Day says there is no HIV virus – the “highly poisonous Aids medications” are part of a “calculated and inhumane population control agenda which has been sanctioned at the highest political levels.” He praises South African President Thabo Mbeki’s bizarre views on Aids, which have led the South African government to refuse medication to people with HIV. Tragically, the World Health Organisation says Aids is the biggest cause of death in South Africa.

Also dangerous is Phillip Day’s insistence that children do not need any vaccinations. Good food, water and love supposedly are sufficient.

Yes, the Break Free tour is coming to New Zealand. People who value evidence, critical thinking and reason may want to attend – to witness a bad example.
Dr Raymond Richards is a Senior Lecturer in History and American Studies at Waikato University . He can be reached at [email protected]

Newsfront

Death was “the Biggest Gift”

A Feng Shui practitioner who died while on a life mastery course in Fiji was ready to leave his body, his widow believes. Stephanie Challis, pictured in the Nelson Mail (11 December 2002) smiling happily with her three children, told how her 41 year old husband Will had undergone a course of body cleansing which involved colonic hydrotherapy and drinking quantities of good quality water.

“He always played full out,” she said. “My guess is that he had seven or eight litres of water, thinking, ‘the more I drink, the cleaner I am’.” Mr Challis mentioned that he had been throwing up, but Mrs Challis, having previously done that when detoxifying, didn’t think too much of it. She said his sodium levels had become unbalanced, leading to loss of consciousness. Because they were on an island facilities were not available to rectify his sodium balance, and he was not given any oxygen.

“It appears his brain suffered massive oxygen starvation in that first 24 hours. The doctors tell me they will never know.”

Mrs Challis said she met her husband through training in Qi Gong, an ancient form of energy cultivation, and the basis of their relationship had always been spiritual. In the months leading up to his death, they had been “full out” on various courses. She believes he was on an unconscious level preparing to leave his body. “There are so many amazing coincidences. It all points to the fact that this was his time.”

Mrs Challis said she had remained positive throughout the ordeal, and did not blame anyone for what happened and, in fact, feels privileged that her husband shared the experience with her. “I was keeping the bigger picture in mind the whole time. When he died I felt incredibly peaceful and even joyful. I realise since that what he’s done has been the biggest gift he’s ever given me. I feel closer to him now than I’ve ever felt and deeply grateful for what he has taught me about life through his dying.”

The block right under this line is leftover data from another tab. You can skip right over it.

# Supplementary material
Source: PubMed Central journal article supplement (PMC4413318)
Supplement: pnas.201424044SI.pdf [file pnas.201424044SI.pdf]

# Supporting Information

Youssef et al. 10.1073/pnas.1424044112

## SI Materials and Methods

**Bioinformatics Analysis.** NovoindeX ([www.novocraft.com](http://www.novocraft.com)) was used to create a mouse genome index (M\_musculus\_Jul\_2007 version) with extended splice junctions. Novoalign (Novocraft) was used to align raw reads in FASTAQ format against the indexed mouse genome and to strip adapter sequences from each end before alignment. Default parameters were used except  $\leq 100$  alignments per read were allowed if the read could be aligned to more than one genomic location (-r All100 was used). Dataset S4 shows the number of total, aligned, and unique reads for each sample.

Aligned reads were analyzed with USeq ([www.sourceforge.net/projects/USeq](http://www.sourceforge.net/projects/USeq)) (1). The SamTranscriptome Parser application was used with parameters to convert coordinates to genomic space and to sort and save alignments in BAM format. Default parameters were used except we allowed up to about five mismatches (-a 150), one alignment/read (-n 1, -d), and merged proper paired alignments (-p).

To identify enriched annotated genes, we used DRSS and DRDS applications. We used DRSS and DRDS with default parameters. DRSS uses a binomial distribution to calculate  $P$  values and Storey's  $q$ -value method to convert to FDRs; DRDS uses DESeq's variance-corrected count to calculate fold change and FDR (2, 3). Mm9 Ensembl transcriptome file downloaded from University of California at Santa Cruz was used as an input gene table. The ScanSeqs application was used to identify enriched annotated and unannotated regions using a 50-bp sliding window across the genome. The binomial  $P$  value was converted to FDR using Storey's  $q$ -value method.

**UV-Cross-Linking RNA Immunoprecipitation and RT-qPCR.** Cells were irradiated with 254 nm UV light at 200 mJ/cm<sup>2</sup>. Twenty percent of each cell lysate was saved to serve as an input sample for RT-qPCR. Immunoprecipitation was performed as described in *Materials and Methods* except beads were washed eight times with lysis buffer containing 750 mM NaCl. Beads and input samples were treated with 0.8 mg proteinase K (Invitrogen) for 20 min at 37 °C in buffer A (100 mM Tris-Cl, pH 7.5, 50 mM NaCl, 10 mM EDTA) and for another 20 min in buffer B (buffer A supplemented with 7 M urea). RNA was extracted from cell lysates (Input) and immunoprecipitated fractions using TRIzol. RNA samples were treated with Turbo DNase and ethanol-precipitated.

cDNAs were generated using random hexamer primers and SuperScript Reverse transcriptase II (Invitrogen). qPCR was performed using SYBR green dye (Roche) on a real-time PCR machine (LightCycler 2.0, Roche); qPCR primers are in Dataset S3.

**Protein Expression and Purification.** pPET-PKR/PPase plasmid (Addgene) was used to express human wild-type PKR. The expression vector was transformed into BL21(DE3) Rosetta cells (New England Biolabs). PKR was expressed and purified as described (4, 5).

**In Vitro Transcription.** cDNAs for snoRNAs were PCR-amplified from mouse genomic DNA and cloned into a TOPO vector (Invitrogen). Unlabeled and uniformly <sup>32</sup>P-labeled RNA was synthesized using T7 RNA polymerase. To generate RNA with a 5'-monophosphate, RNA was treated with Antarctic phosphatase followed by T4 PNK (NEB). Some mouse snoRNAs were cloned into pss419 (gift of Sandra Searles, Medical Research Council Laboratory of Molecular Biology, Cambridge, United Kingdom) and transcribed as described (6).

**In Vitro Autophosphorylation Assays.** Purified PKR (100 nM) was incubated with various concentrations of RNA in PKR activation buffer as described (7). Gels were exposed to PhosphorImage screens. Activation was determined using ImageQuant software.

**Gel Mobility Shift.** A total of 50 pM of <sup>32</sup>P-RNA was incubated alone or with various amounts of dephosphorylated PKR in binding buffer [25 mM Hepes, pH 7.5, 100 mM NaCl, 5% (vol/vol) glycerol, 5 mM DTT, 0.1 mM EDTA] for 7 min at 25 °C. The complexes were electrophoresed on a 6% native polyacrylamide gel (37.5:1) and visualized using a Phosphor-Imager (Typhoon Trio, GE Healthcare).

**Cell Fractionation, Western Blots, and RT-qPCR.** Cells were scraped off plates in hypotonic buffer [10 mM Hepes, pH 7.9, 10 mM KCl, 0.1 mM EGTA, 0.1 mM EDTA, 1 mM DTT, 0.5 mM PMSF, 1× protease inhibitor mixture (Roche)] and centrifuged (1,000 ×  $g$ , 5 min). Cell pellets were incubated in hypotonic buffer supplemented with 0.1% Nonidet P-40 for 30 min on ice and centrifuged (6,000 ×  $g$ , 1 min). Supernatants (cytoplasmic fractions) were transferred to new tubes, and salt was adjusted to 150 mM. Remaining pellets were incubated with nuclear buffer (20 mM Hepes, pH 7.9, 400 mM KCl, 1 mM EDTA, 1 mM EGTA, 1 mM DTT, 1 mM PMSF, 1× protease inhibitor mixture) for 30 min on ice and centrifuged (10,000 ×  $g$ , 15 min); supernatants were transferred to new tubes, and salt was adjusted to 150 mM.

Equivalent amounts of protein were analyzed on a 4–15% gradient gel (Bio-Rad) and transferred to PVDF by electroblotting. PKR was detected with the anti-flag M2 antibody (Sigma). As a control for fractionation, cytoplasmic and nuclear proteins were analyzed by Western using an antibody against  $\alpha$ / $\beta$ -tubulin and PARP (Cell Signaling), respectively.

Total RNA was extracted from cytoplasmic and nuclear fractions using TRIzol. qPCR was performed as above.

Out-of-Body Experiences at the Flick of a Switch

Doctors say that out-of-body experiences (OBEs) may be triggered by stimulation in one part of the brain (Dominion, 23 September 2002). Writing in Nature, the Swiss researchers say they were able to trigger OBEs in a female patient. They say their work may explain the phenomenon of people reporting having “left” their body and watched it from above. The doctors were studying epilepsy by using electrodes to stimulate the woman’s brain. They found that stimulating the angular gyrus in the right cortex repeatedly caused OBEs. At first, the stimulations caused the woman to feel she was sinking into the bed, or falling from a height. When the strength of the current was increased, she reported feeling she had left her body. The doctors believe the angular gyrus matches up visual information and the representation of the body formed by the brain’s touch and balance faculties. When the two become dissociated, an OBE may result.

Mormon Researcher gets the Wrong Answer

Anthropologist Thomas Murphy faces expulsion from the Mormon Church after showing by DNA analysis that native Americans are not descended from ancient Israelites, as the church claims (Dominion Post, 9 December).

The Book of Mormon, made public by Joseph Smith in 1830, is a cornerstone of church doctrine and taken literally by the faithful. It teaches, among other things, that America was populated by Israelites who went to North America 600 years before Christ – a time within the reach of archaeology and genetics. Mr Murphy, of the anthropology department at Edmonds Community College in Lynnwood, Washington, set out to test this, and his negative findings saw him charged with apostasy. It appears this is the first time a member of the Mormon Church has faced expulsion for genetic research.